This great expanse capitalizing on the drug trade serves to bring about an accurate portrayal of police detective work. Police procedurals tend to be so glorified in their subject’s work, where a bad guy does something, the cops solve the crime, bad guy goes to jail, and suddenly, the police are super well-funded and popular. The Wire, on the other hand, treats its police characters like shit. They have to go through red tape in order to get any work done. The purpose of The Wire is to drop all sleek and shine from police detective work. The show portrays the police in a more honest light: abusive, corrupt, disliked, and corner cutters, but also as people who have to be so in order to get any work done. The mass portrayal of the “system” shows these cops as real people, and only find themselves in situations of corruption because police have to follow orders, but these orders stem from the exact racist system that puts them in such abusive situations in the first place. This is no Brooklyn Nine-Nine or The Rookie. There are no good guys and bad guys. There are only flawed individuals trying to do good in a system that’s built to shoot down their idea of what’s “right.” We now see them as the enemy – individuals who misinterpret their power and responsibility in order to hold their authority superior to others. The majority of the public is now finally beginning to see what cops are actually like outside of a white, narrative television lens. When the pressure is put on the police, they begin to show their true colors.
Another area The Wire was miles ahead of their network counterparts in was their inclusion of LGBTQ characters. HBO was rather more honest in its portrayal of street gangsters and cops. But not only are these traits recognizable in the characters, they also serve to raise the stakes. Greggs is a detective trying to have a family with her wife, but her getting injured in the line of duty only puts her family at risk. Omar is also gay, but uses his partners as buffers between him and crime, always pinning them in the middle of violence. This show demonstrated that these characters are not wholly defined by their recognizable traits, but use these traits to further add to conflict.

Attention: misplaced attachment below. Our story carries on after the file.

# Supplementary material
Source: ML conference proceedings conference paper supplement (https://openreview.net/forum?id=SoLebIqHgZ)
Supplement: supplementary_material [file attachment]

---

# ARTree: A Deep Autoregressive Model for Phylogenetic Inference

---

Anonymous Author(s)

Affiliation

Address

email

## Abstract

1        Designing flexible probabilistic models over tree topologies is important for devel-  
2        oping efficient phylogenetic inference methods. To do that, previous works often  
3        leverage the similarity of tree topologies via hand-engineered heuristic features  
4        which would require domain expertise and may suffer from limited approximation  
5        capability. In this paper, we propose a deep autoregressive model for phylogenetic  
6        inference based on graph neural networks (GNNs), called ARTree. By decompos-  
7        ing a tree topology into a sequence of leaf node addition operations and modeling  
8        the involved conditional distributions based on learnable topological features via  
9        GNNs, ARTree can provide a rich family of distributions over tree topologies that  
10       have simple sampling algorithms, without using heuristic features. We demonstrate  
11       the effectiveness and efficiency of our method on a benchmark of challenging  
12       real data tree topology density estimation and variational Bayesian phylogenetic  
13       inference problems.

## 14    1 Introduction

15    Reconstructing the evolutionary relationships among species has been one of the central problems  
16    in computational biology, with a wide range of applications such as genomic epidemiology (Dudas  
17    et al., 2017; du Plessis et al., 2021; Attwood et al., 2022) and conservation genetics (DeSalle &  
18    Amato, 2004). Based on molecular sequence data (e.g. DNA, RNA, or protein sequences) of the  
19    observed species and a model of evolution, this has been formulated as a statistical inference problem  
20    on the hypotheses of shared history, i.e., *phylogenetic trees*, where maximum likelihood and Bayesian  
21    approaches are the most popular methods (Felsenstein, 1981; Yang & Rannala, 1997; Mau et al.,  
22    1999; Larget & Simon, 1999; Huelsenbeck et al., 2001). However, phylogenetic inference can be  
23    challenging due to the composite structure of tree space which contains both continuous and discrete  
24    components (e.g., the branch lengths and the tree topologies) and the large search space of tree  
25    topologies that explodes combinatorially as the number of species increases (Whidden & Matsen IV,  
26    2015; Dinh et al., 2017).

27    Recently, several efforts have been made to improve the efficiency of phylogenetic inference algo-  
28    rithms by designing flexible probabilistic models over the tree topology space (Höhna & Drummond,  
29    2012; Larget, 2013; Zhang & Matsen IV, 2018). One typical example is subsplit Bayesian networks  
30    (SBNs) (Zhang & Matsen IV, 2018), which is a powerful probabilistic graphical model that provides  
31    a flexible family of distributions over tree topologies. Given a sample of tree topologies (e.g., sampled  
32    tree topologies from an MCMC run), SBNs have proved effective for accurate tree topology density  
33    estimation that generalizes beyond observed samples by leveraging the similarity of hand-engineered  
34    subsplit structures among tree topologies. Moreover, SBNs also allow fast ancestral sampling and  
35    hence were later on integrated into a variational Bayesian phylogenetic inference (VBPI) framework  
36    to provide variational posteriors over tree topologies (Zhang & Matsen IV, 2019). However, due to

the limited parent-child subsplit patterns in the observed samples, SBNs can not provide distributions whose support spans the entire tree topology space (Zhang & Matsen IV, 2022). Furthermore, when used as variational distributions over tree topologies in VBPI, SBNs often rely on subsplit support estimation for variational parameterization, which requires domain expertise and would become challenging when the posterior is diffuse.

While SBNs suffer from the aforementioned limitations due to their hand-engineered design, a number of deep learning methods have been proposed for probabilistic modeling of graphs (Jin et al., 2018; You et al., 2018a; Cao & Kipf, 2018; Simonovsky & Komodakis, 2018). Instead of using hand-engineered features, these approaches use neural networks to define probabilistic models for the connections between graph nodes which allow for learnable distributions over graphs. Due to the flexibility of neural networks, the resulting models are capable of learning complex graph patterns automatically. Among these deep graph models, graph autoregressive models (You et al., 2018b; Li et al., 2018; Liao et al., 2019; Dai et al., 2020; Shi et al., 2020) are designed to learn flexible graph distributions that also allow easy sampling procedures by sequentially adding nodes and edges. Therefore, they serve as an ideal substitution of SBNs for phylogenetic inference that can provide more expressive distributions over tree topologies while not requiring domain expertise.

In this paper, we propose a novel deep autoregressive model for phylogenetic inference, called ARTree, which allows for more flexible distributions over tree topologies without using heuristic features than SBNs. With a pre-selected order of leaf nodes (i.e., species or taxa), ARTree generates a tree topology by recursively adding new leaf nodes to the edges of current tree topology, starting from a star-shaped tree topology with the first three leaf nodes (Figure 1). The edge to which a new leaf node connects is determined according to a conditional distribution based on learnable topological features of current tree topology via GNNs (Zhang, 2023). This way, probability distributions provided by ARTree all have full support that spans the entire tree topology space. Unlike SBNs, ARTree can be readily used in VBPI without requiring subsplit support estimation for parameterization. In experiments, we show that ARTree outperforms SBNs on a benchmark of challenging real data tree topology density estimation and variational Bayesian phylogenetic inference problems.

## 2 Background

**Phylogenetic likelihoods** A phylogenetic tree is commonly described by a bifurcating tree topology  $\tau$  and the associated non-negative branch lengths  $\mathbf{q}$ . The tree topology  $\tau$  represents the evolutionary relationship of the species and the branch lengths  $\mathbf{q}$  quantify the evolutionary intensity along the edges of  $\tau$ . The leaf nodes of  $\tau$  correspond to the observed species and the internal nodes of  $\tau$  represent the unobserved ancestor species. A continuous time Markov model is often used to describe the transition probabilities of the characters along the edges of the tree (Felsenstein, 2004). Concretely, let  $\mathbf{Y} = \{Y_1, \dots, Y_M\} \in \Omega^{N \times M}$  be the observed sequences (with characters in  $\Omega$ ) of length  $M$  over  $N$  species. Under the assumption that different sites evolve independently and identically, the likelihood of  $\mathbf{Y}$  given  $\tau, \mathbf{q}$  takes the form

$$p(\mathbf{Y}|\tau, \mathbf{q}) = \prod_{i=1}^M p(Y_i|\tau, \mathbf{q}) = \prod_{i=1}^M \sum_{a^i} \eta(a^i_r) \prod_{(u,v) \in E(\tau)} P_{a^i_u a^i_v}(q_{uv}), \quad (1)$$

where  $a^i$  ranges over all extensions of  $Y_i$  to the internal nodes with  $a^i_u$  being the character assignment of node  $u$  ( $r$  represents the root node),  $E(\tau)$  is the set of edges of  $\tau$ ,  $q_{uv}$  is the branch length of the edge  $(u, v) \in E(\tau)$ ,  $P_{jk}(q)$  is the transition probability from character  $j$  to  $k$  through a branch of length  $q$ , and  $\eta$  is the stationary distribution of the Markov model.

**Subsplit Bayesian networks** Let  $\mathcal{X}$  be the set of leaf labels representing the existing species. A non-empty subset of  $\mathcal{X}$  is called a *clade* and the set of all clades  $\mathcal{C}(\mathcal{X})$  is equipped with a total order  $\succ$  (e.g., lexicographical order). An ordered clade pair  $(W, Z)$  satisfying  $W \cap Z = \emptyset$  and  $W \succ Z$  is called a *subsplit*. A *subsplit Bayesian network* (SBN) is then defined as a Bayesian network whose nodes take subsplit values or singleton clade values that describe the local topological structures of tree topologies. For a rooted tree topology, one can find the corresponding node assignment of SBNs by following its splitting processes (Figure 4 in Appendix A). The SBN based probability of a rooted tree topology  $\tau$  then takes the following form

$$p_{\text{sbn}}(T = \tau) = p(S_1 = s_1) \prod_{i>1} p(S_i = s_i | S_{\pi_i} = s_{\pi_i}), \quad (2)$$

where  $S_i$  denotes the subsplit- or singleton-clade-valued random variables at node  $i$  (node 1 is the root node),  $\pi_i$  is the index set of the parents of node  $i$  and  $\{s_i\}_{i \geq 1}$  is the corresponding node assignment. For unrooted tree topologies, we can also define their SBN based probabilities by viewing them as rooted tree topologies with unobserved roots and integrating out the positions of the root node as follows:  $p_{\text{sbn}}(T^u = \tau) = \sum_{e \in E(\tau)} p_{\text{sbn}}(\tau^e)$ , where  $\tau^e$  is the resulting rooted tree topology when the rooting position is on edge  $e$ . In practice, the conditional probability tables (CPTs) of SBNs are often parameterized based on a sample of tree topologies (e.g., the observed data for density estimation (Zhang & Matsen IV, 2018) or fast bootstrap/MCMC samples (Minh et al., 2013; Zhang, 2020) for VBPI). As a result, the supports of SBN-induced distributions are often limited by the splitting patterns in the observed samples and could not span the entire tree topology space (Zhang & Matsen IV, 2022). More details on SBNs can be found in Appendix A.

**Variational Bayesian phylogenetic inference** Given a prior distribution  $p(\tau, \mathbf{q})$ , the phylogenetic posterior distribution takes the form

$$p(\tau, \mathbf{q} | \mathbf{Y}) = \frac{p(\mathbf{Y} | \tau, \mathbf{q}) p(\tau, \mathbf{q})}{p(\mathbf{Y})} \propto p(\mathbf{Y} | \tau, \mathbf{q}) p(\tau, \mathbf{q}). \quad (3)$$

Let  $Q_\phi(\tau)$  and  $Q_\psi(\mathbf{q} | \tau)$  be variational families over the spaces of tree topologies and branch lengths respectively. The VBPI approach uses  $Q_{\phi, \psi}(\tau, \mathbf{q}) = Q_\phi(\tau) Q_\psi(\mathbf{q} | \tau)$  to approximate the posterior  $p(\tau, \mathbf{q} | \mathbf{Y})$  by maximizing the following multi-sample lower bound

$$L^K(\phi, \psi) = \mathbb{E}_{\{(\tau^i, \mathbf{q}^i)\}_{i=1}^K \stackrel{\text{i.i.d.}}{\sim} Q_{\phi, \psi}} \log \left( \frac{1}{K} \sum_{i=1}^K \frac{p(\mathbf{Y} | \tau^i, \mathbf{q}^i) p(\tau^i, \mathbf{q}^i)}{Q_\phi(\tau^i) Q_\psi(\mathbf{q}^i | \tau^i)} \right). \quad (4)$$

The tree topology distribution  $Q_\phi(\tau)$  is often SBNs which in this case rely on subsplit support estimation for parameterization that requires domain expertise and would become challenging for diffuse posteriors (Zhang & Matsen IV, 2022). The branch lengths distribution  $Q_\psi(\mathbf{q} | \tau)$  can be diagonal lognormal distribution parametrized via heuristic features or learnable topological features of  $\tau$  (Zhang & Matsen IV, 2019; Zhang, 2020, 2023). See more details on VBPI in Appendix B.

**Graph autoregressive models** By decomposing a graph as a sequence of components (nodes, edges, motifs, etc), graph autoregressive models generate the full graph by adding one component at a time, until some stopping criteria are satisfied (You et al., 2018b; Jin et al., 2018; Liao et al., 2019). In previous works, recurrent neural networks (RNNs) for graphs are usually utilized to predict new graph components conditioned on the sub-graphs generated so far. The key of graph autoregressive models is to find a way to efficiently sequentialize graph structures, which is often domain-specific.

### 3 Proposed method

The Wire also foresaw the demise of the news journalist pre-Twitter. In the final season, a Baltimore Sun reporter is lured by the idea of winning a Pulitzer. And by doing so, he subconsciously ends up fabricating news reports of a serial killer in order to gain momentum. But the media is just another institution The Wire sees as part of the system – they’re the last guardians of truth, what we expect to be reliable sources. But when that is compromised, the media turns itself into another veil of truth, fully knowing the public will intake whatever information is given to them. What is supposed to be a non-biased delivery of news, eventually also becomes corrupted by greed, lending itself to the cycle of lies that only allows for more lies to cover up the truth.
However, the real characters of the story are not the characters themselves, but the institutions – it’s a story of the Baltimore Police Department, and how it’s constrained by the limitations placed on it by politics. It’s a story of how the school system is an endless cycle doomed to fail that keeps replacing its cast. It’s a story of the ports and how drug money consumes and corrupts. It’s a story of the fall of the news journalist. It’s labeled as a “cop show,” but just as much as how Firefly is a western, or how Lost is scripted Survivor. The police is the setting, but it’s about the politics behind police work. It’s a rumination on modern society in the war on drugs. It points out the problems of the legal system, the pressure from superiors who don’t remember what police work is like, the societal issues that create the crime, and how for many people, especially those at the top, the justice system is just a numbers game. The cops portrayed are the way they are because the justice system built them to defend the corruption they’re meant to take down. That’s what The Wire represents: a broken system that only solves its problems temporarily through a feedback loop of abuse.
There’s a line in season 4 where Pryzbylewski says, “No one wins. One side just loses more slowly.” There are no “winners,” there is only the progress to be made, and those trying to do their best and willing to survive the system they’ve been spit out by. You don’t gain progress without someone falling behind. The game wins – everyone loses.